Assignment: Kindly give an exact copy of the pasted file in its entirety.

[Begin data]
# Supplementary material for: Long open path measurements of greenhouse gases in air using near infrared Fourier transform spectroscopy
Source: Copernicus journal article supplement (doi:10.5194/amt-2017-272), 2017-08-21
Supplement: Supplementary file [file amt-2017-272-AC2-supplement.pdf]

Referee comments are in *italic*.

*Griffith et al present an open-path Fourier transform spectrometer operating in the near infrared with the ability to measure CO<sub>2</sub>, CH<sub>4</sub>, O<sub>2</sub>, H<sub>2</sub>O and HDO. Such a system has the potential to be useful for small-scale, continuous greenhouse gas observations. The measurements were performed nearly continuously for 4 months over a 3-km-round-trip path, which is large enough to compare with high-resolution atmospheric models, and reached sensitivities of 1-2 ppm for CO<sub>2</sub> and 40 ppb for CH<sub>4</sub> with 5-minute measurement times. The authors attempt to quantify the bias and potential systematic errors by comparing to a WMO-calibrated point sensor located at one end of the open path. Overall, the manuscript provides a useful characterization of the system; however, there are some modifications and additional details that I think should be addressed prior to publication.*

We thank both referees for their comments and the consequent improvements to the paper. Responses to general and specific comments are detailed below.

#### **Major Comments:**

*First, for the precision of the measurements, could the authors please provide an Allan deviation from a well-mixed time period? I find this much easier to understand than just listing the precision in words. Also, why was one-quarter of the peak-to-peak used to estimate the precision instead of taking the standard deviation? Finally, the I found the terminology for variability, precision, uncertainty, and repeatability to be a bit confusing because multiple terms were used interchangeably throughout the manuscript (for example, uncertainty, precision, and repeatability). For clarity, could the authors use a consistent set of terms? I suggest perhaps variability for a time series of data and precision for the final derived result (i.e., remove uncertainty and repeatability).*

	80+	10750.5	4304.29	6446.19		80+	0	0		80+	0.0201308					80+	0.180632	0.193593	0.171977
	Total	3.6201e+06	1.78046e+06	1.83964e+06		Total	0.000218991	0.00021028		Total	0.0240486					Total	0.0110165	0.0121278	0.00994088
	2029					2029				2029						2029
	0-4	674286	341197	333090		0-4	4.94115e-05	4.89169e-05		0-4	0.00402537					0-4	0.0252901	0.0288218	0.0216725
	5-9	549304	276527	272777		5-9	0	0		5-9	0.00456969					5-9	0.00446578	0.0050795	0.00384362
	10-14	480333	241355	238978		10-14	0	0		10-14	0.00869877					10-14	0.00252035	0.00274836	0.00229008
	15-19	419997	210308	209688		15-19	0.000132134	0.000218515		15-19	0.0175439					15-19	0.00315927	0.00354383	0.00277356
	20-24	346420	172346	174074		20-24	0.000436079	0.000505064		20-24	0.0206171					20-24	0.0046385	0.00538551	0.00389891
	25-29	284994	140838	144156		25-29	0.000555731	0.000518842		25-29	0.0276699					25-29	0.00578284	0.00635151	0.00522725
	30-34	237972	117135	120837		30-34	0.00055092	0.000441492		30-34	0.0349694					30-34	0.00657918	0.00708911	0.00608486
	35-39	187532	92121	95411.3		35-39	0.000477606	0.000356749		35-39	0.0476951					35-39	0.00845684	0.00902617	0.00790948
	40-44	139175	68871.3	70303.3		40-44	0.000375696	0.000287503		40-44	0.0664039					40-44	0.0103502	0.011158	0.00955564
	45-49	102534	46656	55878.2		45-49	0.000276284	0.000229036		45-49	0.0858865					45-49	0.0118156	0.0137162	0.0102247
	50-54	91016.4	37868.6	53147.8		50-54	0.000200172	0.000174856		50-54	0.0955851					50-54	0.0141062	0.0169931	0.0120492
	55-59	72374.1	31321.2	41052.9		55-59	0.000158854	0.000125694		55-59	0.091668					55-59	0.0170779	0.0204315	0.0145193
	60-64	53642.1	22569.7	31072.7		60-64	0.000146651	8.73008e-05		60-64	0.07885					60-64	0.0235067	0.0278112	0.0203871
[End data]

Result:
# Supplementary material for: Long open path measurements of greenhouse gases in air using near infrared Fourier transform spectroscopy
Source: Copernicus journal article supplement (doi:10.5194/amt-2017-272), 2017-08-21
Supplement: Supplementary file [file amt-2017-272-AC2-supplement.pdf]

Referee comments are in *italic*.

*Griffith et al present an open-path Fourier transform spectrometer operating in the near infrared with the ability to measure CO<sub>2</sub>, CH<sub>4</sub>, O<sub>2</sub>, H<sub>2</sub>O and HDO. Such a system has the potential to be useful for small-scale, continuous greenhouse gas observations. The measurements were performed nearly continuously for 4 months over a 3-km-round-trip path, which is large enough to compare with high-resolution atmospheric models, and reached sensitivities of 1-2 ppm for CO<sub>2</sub> and 40 ppb for CH<sub>4</sub> with 5-minute measurement times. The authors attempt to quantify the bias and potential systematic errors by comparing to a WMO-calibrated point sensor located at one end of the open path. Overall, the manuscript provides a useful characterization of the system; however, there are some modifications and additional details that I think should be addressed prior to publication.*

We thank both referees for their comments and the consequent improvements to the paper. Responses to general and specific comments are detailed below.

#### **Major Comments:**

*First, for the precision of the measurements, could the authors please provide an Allan deviation from a well-mixed time period? I find this much easier to understand than just listing the precision in words. Also, why was one-quarter of the peak-to-peak used to estimate the precision instead of taking the standard deviation? Finally, the I found the terminology for variability, precision, uncertainty, and repeatability to be a bit confusing because multiple terms were used interchangeably throughout the manuscript (for example, uncertainty, precision, and repeatability). For clarity, could the authors use a consistent set of terms? I suggest perhaps variability for a time series of data and precision for the final derived result (i.e., remove uncertainty and repeatability).*

	80+	10750.5	4304.29	6446.19		80+	0	0		80+	0.0201308					80+	0.180632	0.193593	0.171977
	Total	3.6201e+06	1.78046e+06	1.83964e+06		Total	0.000218991	0.00021028		Total	0.0240486					Total	0.0110165	0.0121278	0.00994088
	2029					2029				2029						2029
	0-4	674286	341197	333090		0-4	4.94115e-05	4.89169e-05		0-4	0.00402537					0-4	0.0252901	0.0288218	0.0216725
	5-9	549304	276527	272777		5-9	0	0		5-9	0.00456969					5-9	0.00446578	0.0050795	0.00384362
	10-14	480333	241355	238978		10-14	0	0		10-14	0.00869877					10-14	0.00252035	0.00274836	0.00229008
	15-19	419997	210308	209688		15-19	0.000132134	0.000218515		15-19	0.0175439					15-19	0.00315927	0.00354383	0.00277356
	20-24	346420	172346	174074		20-24	0.000436079	0.000505064		20-24	0.0206171					20-24	0.0046385	0.00538551	0.00389891
	25-29	284994	140838	144156		25-29	0.000555731	0.000518842		25-29	0.0276699					25-29	0.00578284	0.00635151	0.00522725
	30-34	237972	117135	120837		30-34	0.00055092	0.000441492		30-34	0.0349694					30-34	0.00657918	0.00708911	0.00608486
	35-39	187532	92121	95411.3		35-39	0.000477606	0.000356749		35-39	0.0476951					35-39	0.00845684	0.00902617	0.00790948
	40-44	139175	68871.3	70303.3		40-44	0.000375696	0.000287503		40-44	0.0664039					40-44	0.0103502	0.011158	0.00955564
	45-49	102534	46656	55878.2		45-49	0.000276284	0.000229036		45-49	0.0858865					45-49	0.0118156	0.0137162	0.0102247
	50-54	91016.4	37868.6	53147.8		50-54	0.000200172	0.000174856		50-54	0.0955851					50-54	0.0141062	0.0169931	0.0120492
	55-59	72374.1	31321.2	41052.9		55-59	0.000158854	0.000125694		55-59	0.091668					55-59	0.0170779	0.0204315	0.0145193
	60-64	53642.1	22569.7	31072.7		60-64	0.000146651	8.73008e-05		60-64	0.07885					60-64	0.0235067	0.0278112	0.0203871